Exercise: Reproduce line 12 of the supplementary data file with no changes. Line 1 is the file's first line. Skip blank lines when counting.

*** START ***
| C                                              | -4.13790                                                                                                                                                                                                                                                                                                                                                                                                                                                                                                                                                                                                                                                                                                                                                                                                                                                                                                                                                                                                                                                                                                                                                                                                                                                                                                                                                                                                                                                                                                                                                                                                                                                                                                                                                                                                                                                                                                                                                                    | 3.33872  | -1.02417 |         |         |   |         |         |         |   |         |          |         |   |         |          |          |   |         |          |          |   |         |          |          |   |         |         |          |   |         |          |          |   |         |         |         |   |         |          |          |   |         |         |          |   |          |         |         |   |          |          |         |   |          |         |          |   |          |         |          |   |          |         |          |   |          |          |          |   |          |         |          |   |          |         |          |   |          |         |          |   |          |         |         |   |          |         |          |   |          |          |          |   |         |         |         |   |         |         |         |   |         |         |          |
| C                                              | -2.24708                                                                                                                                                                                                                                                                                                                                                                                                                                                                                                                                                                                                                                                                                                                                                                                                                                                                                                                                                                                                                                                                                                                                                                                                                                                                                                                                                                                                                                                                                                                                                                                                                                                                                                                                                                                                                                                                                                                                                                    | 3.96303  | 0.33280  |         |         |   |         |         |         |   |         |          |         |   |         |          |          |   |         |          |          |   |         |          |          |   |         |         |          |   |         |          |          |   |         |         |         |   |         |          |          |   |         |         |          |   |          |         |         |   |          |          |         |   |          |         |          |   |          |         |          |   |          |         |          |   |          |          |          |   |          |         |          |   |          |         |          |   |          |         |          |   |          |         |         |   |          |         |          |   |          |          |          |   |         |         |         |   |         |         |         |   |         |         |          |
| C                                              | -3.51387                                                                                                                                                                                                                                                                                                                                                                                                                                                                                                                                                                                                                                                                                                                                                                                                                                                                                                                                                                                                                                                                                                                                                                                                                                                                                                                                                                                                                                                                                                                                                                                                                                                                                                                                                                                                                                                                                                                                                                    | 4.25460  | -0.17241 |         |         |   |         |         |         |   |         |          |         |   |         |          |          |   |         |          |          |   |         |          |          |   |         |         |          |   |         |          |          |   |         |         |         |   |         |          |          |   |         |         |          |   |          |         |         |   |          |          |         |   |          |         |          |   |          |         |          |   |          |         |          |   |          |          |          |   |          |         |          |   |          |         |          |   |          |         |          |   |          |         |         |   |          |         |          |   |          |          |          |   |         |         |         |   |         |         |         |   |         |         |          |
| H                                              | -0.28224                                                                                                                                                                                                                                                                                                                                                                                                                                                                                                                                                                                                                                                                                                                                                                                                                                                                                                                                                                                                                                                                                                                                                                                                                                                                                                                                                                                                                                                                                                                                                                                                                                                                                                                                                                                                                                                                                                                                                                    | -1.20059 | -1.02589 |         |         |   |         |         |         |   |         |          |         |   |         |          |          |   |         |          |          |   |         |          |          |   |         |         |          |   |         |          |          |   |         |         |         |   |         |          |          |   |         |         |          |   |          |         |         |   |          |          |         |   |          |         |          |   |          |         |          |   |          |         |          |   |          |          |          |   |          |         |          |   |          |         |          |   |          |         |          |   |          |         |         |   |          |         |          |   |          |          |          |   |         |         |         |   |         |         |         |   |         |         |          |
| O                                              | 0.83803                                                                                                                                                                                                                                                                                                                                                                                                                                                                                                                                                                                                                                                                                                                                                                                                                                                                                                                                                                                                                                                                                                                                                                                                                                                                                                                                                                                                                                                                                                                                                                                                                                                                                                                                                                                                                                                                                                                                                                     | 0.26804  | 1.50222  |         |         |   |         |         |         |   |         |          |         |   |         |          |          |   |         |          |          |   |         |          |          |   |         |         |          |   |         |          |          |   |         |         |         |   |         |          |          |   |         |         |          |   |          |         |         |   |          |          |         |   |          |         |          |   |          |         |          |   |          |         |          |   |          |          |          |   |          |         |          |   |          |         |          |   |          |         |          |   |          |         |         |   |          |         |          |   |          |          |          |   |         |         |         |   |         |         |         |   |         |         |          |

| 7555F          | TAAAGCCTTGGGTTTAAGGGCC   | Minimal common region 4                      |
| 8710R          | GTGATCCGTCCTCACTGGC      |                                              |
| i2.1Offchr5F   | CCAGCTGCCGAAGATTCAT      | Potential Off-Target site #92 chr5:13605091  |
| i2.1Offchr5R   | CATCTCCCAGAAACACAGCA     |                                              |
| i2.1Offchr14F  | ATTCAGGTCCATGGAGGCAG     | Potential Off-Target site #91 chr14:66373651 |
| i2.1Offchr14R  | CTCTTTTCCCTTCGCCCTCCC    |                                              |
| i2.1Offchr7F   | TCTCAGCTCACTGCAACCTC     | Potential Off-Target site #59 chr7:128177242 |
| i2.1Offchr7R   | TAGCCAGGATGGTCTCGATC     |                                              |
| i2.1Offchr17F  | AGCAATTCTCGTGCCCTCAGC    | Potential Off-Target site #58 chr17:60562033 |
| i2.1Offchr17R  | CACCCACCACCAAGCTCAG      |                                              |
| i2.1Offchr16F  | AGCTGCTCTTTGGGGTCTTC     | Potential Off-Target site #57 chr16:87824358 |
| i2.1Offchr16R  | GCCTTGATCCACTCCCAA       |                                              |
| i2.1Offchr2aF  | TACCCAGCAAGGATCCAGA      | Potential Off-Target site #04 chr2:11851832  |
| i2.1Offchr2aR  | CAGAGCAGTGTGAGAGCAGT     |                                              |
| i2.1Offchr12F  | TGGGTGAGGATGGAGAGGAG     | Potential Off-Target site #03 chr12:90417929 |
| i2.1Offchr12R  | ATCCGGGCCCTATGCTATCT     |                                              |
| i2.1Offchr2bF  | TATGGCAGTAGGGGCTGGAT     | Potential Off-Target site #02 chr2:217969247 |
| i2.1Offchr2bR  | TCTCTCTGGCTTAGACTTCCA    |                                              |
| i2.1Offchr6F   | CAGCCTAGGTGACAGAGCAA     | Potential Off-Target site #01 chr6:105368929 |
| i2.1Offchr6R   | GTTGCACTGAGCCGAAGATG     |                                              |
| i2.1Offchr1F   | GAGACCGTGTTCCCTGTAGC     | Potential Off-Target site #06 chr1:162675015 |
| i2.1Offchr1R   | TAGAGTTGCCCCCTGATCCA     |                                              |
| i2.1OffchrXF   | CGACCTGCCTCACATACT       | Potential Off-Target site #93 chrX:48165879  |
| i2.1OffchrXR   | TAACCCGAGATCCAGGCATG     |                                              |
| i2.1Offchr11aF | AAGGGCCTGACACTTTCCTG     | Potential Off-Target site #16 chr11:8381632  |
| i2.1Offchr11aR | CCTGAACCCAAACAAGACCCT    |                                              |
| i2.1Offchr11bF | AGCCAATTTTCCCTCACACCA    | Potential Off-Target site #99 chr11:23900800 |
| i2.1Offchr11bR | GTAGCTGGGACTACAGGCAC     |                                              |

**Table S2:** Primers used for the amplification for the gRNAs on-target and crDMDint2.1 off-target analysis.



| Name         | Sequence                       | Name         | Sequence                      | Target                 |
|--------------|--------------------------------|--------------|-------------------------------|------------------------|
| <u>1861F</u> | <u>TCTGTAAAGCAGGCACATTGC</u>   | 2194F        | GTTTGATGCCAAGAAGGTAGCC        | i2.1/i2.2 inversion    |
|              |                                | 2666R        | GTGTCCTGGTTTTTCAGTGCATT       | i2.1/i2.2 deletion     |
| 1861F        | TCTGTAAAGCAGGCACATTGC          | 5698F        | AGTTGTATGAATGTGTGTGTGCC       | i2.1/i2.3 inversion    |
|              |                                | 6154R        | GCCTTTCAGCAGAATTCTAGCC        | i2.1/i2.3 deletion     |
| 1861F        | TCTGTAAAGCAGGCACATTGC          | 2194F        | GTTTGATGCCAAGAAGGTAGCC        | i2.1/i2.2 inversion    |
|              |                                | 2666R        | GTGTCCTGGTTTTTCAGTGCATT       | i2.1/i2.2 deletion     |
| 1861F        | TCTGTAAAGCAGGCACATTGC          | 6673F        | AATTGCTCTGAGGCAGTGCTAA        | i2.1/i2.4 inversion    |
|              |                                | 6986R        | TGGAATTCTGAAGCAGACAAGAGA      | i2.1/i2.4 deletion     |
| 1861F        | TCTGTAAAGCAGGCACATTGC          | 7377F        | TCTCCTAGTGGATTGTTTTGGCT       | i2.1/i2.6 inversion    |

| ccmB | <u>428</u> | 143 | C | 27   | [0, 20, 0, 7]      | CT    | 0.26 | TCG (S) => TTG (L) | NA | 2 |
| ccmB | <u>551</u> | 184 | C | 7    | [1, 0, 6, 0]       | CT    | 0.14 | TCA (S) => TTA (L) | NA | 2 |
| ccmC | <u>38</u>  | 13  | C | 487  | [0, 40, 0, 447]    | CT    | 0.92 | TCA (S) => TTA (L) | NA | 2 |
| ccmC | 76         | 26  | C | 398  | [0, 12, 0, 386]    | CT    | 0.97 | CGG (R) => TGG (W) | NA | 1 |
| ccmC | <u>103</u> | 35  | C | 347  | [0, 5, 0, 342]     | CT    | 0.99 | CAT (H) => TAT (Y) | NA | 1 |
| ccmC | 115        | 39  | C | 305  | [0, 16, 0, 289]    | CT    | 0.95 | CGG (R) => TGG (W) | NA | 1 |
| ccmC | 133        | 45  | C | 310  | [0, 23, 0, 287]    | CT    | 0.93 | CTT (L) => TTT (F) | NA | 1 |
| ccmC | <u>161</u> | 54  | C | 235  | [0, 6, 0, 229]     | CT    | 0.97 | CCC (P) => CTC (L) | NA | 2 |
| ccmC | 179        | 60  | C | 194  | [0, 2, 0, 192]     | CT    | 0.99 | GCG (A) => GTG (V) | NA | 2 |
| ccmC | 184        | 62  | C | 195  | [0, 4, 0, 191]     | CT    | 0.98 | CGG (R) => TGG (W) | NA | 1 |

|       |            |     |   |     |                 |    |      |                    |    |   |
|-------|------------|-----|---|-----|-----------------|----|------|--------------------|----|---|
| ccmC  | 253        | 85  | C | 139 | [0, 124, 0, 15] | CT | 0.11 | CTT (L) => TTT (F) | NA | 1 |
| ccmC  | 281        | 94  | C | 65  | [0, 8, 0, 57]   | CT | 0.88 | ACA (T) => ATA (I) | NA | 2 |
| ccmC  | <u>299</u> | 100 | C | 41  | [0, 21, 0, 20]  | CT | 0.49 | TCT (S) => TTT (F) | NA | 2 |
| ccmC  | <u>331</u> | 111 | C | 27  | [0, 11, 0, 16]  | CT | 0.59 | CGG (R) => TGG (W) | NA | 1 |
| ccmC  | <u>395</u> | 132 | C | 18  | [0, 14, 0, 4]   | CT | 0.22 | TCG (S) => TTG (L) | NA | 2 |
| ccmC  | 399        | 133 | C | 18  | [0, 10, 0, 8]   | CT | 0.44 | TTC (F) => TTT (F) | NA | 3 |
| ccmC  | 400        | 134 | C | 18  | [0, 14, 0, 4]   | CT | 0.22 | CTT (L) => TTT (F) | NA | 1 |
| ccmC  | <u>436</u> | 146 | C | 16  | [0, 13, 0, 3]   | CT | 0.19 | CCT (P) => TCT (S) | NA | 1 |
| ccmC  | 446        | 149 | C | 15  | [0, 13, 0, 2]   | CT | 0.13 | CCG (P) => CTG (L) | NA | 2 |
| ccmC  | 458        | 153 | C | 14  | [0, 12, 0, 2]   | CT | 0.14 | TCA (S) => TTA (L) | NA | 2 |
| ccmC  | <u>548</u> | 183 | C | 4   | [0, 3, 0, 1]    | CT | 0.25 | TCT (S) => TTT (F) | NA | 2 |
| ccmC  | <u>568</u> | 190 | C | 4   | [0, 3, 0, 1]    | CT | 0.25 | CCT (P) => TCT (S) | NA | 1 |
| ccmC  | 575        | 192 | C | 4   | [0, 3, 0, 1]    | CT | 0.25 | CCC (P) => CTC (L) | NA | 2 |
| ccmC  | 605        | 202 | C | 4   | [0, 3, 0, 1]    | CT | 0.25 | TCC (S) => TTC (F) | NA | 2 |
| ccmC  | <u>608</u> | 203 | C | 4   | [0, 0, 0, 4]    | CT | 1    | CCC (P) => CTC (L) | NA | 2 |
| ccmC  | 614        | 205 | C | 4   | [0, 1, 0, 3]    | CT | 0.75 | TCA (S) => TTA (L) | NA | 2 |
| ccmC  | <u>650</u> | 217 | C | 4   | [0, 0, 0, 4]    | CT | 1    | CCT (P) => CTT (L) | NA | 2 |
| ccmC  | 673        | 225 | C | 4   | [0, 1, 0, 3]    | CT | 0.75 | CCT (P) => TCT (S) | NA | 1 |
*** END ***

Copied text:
| i2.1Offchr7F   | TCTCAGCTCACTGCAACCTC     | Potential Off-Target site #59 chr7:128177242 |